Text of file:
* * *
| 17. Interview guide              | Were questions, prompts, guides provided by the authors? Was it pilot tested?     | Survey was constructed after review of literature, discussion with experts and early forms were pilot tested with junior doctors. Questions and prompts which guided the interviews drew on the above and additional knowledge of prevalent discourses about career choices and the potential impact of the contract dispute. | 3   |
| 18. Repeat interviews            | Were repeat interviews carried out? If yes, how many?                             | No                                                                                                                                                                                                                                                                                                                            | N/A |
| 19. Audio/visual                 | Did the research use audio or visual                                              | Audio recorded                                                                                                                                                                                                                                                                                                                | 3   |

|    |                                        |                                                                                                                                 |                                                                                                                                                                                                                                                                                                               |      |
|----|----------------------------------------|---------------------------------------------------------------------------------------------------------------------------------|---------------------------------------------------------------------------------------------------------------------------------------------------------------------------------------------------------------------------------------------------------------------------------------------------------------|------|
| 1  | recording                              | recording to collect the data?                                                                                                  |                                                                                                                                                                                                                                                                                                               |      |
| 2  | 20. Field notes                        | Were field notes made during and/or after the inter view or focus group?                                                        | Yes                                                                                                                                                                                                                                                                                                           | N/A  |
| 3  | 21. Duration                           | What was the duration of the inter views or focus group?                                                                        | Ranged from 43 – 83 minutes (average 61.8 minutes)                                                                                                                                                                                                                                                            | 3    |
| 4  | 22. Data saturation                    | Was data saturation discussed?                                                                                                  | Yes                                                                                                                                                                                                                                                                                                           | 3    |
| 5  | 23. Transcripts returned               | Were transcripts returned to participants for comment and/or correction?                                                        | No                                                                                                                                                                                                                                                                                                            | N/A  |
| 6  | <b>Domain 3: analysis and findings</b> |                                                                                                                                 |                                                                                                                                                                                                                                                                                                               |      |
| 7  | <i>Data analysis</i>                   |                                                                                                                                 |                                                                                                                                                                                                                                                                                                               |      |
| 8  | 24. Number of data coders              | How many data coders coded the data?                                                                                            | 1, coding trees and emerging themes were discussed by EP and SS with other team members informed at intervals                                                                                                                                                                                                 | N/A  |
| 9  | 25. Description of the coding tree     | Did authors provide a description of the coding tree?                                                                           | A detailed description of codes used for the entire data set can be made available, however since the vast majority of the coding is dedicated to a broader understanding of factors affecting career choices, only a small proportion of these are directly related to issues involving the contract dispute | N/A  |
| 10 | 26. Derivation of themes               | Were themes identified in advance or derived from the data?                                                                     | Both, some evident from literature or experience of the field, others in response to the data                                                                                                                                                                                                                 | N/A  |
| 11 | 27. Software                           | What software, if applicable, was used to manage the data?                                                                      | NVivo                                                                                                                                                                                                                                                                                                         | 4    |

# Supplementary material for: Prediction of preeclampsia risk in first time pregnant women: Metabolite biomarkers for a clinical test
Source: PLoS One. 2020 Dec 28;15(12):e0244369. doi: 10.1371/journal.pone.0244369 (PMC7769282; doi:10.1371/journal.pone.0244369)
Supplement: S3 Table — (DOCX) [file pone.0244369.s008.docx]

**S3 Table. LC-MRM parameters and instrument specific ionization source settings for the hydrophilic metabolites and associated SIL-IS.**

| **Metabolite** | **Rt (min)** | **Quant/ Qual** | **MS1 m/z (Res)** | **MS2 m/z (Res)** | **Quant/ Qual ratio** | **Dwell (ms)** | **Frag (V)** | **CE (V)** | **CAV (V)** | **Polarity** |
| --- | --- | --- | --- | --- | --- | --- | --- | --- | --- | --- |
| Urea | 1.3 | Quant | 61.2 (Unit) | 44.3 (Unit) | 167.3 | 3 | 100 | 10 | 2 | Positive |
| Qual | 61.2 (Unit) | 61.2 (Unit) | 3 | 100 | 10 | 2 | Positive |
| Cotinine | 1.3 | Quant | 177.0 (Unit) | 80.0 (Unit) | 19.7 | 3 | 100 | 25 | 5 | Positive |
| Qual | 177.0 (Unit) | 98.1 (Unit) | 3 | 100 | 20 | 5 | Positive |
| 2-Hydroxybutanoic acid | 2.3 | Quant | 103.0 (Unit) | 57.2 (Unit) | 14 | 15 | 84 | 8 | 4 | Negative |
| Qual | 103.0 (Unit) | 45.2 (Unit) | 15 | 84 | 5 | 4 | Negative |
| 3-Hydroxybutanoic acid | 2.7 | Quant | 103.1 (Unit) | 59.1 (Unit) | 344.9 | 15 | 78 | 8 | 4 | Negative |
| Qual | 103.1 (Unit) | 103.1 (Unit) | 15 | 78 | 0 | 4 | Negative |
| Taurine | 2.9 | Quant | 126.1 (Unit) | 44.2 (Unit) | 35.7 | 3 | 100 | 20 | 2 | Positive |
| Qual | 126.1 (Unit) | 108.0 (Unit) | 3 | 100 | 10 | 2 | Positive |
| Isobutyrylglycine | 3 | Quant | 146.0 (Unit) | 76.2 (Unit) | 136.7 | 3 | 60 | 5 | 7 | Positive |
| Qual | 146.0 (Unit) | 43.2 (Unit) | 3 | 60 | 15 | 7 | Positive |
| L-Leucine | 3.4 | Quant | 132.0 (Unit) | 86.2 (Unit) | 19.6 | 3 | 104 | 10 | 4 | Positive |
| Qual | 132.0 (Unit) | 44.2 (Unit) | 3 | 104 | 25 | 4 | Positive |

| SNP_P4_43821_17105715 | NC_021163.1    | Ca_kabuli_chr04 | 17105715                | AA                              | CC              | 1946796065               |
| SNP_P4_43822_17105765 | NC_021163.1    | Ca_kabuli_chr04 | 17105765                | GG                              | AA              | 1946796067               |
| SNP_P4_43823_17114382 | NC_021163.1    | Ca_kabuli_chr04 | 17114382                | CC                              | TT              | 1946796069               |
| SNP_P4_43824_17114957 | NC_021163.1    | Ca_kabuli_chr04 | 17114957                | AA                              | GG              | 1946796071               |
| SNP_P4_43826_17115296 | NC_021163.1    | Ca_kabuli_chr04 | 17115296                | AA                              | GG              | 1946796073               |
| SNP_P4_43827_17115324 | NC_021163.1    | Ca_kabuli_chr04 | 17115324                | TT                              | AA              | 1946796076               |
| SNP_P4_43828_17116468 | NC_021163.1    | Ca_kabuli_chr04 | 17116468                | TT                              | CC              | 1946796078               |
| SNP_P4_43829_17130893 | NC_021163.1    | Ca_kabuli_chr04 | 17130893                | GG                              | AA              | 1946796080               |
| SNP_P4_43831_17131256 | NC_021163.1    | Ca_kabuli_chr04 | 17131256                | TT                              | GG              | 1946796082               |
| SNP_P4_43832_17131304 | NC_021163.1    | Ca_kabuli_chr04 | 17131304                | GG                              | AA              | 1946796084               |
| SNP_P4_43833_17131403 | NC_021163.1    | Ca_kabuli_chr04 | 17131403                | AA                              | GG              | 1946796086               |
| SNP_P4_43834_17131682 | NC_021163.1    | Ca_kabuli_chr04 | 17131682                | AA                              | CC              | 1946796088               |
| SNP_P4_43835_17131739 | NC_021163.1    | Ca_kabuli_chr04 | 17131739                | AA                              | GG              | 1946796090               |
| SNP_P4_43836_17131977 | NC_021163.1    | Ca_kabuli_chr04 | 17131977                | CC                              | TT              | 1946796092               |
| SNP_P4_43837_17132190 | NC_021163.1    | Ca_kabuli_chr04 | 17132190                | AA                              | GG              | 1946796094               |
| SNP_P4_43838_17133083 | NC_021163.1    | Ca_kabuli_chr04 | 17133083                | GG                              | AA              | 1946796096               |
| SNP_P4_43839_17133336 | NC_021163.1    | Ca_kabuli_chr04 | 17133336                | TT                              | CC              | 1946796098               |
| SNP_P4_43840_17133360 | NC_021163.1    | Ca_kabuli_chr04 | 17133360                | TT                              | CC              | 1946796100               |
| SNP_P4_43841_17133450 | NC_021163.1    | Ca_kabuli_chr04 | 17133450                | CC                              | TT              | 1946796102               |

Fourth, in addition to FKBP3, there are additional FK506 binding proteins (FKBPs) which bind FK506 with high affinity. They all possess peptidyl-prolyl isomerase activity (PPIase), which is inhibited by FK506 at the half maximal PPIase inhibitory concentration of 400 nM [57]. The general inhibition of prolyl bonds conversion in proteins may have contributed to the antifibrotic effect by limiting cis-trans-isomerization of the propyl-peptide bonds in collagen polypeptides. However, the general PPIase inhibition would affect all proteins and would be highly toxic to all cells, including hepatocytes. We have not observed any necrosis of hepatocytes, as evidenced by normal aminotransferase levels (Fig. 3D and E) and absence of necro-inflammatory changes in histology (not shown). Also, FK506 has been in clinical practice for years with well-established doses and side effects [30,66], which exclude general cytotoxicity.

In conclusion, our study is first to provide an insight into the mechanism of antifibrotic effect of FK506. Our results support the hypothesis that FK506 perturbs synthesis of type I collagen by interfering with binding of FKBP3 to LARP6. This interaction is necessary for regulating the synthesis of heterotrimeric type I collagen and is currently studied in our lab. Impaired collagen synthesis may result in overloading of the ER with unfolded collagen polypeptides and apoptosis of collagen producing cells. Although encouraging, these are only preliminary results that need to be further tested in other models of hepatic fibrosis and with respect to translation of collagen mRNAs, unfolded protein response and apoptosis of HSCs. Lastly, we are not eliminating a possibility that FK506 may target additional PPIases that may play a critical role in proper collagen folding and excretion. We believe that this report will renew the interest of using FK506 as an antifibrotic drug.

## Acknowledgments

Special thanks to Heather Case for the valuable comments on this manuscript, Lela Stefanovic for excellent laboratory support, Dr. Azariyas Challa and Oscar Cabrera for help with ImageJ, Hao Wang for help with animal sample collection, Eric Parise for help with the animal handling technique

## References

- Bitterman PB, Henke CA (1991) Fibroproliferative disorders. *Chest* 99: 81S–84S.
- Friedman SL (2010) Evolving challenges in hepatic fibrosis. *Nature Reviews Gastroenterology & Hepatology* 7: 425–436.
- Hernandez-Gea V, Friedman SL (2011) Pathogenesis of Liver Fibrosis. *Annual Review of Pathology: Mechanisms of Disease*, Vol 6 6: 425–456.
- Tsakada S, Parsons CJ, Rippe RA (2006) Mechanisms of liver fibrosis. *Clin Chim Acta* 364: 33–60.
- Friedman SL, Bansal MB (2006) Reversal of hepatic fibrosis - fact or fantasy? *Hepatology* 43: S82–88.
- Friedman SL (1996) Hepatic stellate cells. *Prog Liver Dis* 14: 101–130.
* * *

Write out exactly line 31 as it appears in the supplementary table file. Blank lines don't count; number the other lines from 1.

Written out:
| Taurine | 2.9 | Quant | 126.1 (Unit) | 44.2 (Unit) | 35.7 | 3 | 100 | 20 | 2 | Positive |